|Publication number||US3327859 A|
|Publication date||Jun 27, 1967|
|Filing date||Dec 30, 1963|
|Priority date||Dec 30, 1963|
|Publication number||US 3327859 A, US 3327859A, US-A-3327859, US3327859 A, US3327859A|
|Inventors||David B Pall|
|Original Assignee||Pall Corp|
|Export Citation||BiBTeX, EndNote, RefMan|
|Patent Citations (7), Referenced by (178), Classifications (25)|
|External Links: USPTO, USPTO Assignment, Espacenet|
June 27, w67 D. B. FALL.
PORTABLE UNIYT FOR PTABLE WATER Filed Dec. 30, 1963 United States Patent() M' 3,327,859 PORTABLE UNIT FR PGTABLE WATER David B. Pall, Roslyn Estates, N.Y., assigner to Pall Corporation, Glen Cove, N.Y., a corporation of New York Filed Dec. 30, 1963, Ser. No. 334,330 Claims. (Cl. 210--266) 'Ihis invention relates to a filter assembly for sterilizing water, and more particularly, to a filter assembly incorporating a bactericidal filter for removing and killing bacteria found in polluted water.
The assembly is especially designed to be portable and to be operable manually simply by sticking filtered water from the assembly.
The obtention of potable water in areas remote from civilization has been a problem for armies and travelers in general down through the ages. To this day the best means available for purifying polluted water or ensuring safe water is either to boil the water or to add a tablet liberating chlorine or some other nontoxic disinfectant. It is obviously not always possible to boil water for drinking purposes, since a source ofheat Imay be unobtainable, and the alternative, water-purfyin-g tablets have to be carried in large quantities to guarantee a sufficient reserve in areas remote from sources of supply, and require a time delay of about one-half hour to purify the water.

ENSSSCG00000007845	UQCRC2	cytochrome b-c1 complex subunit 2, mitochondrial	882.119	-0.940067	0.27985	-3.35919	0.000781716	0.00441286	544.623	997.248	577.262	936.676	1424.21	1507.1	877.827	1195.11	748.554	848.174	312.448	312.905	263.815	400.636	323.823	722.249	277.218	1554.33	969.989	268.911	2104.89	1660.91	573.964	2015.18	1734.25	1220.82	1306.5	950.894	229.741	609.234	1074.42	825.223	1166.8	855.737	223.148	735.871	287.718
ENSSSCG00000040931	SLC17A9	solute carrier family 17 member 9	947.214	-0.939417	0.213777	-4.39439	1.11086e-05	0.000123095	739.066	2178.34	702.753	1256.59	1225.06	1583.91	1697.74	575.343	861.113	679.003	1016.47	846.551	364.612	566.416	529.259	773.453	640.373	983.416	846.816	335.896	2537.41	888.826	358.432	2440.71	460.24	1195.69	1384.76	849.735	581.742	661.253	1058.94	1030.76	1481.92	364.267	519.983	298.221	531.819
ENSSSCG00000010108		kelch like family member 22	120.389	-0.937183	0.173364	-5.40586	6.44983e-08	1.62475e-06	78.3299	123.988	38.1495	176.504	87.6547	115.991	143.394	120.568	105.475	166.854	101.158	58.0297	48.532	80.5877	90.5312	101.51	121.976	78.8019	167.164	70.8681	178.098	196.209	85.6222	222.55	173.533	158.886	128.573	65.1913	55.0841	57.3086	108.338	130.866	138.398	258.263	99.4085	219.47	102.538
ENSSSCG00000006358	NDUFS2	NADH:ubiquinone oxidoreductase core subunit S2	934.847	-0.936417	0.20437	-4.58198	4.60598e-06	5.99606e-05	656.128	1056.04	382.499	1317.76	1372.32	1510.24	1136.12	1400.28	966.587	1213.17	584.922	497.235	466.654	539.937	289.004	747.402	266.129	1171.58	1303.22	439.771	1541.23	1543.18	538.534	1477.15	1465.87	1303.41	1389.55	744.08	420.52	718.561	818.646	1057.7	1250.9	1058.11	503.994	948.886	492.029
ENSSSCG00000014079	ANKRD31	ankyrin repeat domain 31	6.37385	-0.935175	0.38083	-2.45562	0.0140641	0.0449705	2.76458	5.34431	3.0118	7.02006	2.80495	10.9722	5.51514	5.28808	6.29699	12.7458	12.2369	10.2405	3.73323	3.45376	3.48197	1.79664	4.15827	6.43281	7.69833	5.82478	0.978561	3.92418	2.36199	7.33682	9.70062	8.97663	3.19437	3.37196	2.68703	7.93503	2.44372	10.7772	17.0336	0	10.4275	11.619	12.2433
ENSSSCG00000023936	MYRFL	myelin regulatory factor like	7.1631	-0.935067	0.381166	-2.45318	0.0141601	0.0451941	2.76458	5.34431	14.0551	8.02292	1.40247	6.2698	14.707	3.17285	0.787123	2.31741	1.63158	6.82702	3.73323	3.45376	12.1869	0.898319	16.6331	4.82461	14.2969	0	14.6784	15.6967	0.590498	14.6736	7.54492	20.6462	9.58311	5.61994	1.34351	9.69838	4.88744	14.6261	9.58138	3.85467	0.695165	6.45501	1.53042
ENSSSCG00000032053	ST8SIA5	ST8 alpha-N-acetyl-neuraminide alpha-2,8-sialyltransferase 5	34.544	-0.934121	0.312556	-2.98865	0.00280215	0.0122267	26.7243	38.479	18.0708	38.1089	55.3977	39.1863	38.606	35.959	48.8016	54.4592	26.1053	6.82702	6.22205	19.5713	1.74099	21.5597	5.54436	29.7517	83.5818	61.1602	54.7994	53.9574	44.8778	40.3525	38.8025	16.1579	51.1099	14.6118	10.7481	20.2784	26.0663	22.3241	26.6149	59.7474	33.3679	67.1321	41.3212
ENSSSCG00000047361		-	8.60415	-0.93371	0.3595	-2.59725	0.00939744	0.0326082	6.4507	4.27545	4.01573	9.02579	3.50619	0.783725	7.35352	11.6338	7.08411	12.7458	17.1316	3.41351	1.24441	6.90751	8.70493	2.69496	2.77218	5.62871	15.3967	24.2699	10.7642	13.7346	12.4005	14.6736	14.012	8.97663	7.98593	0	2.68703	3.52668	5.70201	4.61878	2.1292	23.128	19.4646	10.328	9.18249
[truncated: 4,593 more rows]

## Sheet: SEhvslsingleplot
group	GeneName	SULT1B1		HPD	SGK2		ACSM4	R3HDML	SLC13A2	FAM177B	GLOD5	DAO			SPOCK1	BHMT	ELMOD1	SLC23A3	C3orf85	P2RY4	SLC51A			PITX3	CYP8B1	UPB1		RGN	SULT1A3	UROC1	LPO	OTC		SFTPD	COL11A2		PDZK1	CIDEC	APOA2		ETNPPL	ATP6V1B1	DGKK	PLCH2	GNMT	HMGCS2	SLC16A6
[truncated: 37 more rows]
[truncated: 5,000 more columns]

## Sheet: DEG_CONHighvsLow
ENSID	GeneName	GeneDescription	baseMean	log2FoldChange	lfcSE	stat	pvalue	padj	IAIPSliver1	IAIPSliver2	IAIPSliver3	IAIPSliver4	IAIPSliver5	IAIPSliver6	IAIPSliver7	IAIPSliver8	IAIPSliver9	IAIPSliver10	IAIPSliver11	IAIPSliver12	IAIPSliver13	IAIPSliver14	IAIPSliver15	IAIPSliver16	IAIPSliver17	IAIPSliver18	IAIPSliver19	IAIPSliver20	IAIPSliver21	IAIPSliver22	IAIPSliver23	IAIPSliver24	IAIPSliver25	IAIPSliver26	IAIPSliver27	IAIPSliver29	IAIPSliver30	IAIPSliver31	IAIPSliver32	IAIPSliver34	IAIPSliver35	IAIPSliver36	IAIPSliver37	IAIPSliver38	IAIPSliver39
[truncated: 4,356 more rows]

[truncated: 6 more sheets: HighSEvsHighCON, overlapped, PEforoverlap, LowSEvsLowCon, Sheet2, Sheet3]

In accordance with the invention, there is provided a filter assembly which is small enough to be portable, and which is manually operated, so that it can 'be used in any area, `regardless of conditions, to ensure a supply of potable water from any source. Purity of the water is ensured by the provision of a filter element having pores of microscopic dimensions, sufficiently small to remove bacteria. As a further safety measure, the filter preferably is -provided with a bactericidal agent which is capable of destroying bacteria removed by the filter, lthus preventing bacteria from living and multiplying on the filter element. Further, a sufiicient concentration of bactericide in the efiiuent will ensure continued purity on lcontact with nonsterile conditions, such as containers, after leaving the filter.
In addition, the filter assembly employed can also include an ion exchange resin or demineralizer which is capable of removing salts deleteriously affecting taste. Also, to improve flavor, and remove turbidity, there can be included activated carbon or like sorbent material capable of clarifying the water by removal of colloidal suspended material small enough to pass through the filter pores.